15 years after dumping their waste into Chicago River, Dave Matthews Band designated as Environmental “Goodwill Ambassador”

The United Nations Environment Programme is recognizing DMB for its environmental efforts

Memorial at Site of Dave Matthews' poop dump
Memorial at Site of Dave Matthews’ poop dump

    It’s a redemption story like none other: 15 years after Dave Matthews Band’s tour bus famously dumped its excrements into the Chicago River, DMB has been designated as a “Goodwill Ambassador” by the United Nations Environment Programme.

    The band has been lauded for its BamaGreen Project, an initiative launched in 2004 after a tour bus belonging to DMB deposited 800 lbs. of raw sewage off Kinzie Street bridge and into the Chicago River. Sadly, an architectural tour boat was passing underneath the bridge at that very moment.

    Ever since then, DMB and its nonprofit partner REVERB have been working together on environmental efforts on on the road, in the studio, and at home. Specifically, the band has eliminated over 120,000,000 pounds of CO2 and almost half a million single-use plastic bottles over the course of 15 years and 578 concerts; fueled their trucks and buses using biodiesel; sourced local farm food for catering; and composted 138,000 pounds of food waste.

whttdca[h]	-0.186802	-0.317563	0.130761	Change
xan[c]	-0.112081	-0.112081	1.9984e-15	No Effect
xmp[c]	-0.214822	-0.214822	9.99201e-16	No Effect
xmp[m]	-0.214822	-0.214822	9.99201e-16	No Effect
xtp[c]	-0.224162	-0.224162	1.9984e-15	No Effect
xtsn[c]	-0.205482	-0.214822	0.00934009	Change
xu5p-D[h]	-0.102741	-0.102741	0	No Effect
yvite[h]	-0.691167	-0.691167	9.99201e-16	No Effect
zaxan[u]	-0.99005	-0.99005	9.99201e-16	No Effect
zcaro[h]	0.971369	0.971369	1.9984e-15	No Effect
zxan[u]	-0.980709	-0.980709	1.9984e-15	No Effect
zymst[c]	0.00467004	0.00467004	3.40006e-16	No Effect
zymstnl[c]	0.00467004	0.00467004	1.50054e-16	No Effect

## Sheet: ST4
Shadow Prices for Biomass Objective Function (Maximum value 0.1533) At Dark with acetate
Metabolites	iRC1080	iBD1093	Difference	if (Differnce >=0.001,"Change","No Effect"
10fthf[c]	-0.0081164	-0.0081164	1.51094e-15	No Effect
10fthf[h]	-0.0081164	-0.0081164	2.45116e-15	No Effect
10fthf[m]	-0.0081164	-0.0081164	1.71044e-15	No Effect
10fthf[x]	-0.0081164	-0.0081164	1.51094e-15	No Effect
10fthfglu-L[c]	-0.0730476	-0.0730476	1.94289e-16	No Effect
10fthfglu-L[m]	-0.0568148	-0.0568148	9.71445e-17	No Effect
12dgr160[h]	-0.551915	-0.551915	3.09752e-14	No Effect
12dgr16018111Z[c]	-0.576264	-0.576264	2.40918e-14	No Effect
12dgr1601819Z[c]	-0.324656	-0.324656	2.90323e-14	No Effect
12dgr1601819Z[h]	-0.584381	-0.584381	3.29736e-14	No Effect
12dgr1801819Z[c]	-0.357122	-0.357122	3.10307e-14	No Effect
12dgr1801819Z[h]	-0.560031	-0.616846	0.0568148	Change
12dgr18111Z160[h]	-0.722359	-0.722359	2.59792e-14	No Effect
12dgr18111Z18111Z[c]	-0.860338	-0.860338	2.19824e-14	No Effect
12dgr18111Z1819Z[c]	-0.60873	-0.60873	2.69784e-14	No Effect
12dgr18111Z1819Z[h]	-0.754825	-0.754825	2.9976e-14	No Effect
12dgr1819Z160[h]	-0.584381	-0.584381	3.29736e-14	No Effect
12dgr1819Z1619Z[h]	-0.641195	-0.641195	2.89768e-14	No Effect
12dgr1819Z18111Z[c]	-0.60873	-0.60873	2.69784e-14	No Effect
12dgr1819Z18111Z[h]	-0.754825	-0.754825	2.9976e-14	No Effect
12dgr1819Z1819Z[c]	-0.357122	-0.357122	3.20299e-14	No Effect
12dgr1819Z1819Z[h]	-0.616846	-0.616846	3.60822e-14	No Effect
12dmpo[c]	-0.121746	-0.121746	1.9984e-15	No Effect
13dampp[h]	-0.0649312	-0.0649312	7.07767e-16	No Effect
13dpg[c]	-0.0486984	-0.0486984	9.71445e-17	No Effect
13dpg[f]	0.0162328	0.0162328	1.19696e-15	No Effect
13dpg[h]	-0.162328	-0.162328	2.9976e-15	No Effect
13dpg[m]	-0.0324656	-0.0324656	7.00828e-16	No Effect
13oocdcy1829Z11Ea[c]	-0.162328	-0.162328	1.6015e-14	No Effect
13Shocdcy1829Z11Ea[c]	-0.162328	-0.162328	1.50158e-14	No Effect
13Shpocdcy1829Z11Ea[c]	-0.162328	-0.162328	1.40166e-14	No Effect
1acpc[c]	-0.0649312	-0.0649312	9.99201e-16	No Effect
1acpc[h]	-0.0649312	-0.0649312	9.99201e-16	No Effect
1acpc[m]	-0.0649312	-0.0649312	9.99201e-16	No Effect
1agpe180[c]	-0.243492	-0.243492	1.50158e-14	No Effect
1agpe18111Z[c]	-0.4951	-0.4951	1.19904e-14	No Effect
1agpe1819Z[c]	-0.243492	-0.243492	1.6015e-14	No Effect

“It’s desperate times, and we all need to work together to have hope for the future, hope for our children, and hope for the planet,” Dave Matthews said in remarks at the UN Environment Goodwill Ambassadorship ceremony.

    Revisit our documentary on that harrowing August day in Chicago:

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